This revolutionized the way I thought about anger. It seemed that expressing my anger could be helpful; knowing what is upsetting me and working to better understand my own needs and boundaries could in fact be essential to uncovering my identity.
I’m not advocating reckless anger or acting out in anger just because it feels good or seems okay. James 1:19-20 says, “let every person be quick to hear, slow to speak, slow to anger; for the anger of man does not produce the righteousness of God.”
Yet, as I learn more about the effects of my upbringing, anger is leaking out here and there in new ways. While this has been true for me over the past 20+ years since I was a teen, now, when I am mistreated by the crazy angry neighbor next door, or the supposed faith-based theater group that cuts my child publicly and shames her, I practically come unhinged.
It’s in these times that I must remember to go back to the beginning, chart what occurred to set me off, notice the people and situation, and recognize the feelings surrounding the event. When I stop to take these steps, I recall patterns I’ve already experienced. I can see that I felt pushed beyond my boundaries, or said ‘yes’ when I should have said ‘no.’ Or, sometimes the reason is something simple like not getting enough sleep or time alone to regroup.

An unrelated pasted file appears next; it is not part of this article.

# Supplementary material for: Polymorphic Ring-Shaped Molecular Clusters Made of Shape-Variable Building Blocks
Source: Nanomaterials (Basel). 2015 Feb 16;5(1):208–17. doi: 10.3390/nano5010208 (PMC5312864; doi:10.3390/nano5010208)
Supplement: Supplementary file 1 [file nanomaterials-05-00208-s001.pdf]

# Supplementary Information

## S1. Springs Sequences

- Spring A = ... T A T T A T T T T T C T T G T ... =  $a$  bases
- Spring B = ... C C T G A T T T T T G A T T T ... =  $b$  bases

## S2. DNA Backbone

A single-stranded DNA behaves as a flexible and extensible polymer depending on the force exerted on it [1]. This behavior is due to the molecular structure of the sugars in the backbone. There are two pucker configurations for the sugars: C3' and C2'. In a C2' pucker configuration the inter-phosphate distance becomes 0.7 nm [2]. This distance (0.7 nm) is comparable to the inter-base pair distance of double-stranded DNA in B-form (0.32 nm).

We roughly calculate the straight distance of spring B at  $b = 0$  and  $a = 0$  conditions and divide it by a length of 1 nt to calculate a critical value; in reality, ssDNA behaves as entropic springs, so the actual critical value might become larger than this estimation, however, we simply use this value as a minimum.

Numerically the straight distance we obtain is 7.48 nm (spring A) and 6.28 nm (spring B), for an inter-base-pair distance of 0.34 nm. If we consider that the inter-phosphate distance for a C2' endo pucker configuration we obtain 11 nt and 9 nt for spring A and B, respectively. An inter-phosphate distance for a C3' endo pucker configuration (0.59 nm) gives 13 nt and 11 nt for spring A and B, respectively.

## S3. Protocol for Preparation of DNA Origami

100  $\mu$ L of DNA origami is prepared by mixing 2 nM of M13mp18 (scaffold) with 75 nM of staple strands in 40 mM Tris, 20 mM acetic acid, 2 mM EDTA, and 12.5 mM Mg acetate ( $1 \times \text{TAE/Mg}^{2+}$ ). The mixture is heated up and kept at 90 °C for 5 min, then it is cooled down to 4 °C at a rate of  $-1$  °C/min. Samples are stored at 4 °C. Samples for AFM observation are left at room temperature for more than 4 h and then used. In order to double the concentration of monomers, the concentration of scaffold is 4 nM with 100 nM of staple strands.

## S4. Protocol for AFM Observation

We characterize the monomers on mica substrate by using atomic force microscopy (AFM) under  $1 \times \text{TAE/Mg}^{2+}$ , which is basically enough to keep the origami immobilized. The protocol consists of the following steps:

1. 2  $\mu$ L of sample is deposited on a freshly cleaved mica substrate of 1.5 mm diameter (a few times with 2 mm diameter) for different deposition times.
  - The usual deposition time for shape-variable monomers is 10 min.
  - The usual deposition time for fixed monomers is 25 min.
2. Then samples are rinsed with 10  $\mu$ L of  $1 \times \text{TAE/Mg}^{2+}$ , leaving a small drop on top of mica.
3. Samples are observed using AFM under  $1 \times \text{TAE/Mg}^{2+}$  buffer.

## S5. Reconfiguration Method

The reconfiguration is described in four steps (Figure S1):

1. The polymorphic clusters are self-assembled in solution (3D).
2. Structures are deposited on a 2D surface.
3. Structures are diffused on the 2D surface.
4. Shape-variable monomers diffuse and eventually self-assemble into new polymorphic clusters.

I am learning, albeit slowly, that anger is an acceptable emotion—like joy, sadness, grief, and guilt. I allow myself the space to feel angry, to cry, and to voice my feelings when I need to. I am learning to listen to myself and my own needs as they erupt. It’s a long, difficult process, yet, it is essential to rediscovering my identity.I allow myself the space to feel angry, to cry, and to voice my feelings when I need to. Click To Tweet
If Jesus came to Earth so that I could know Him personally and be forgiven, he already knows every emotion I feel. Nothing can be hidden; everything is known.
I am a work in process–even through angry tears. I have hope that I am learning more about myself and how to attend to my needs to avoid future outbursts. It isn’t easy, but it’s freeing to know it’s okay to get angry. Overall, I am improving—one parking lot incident at a time.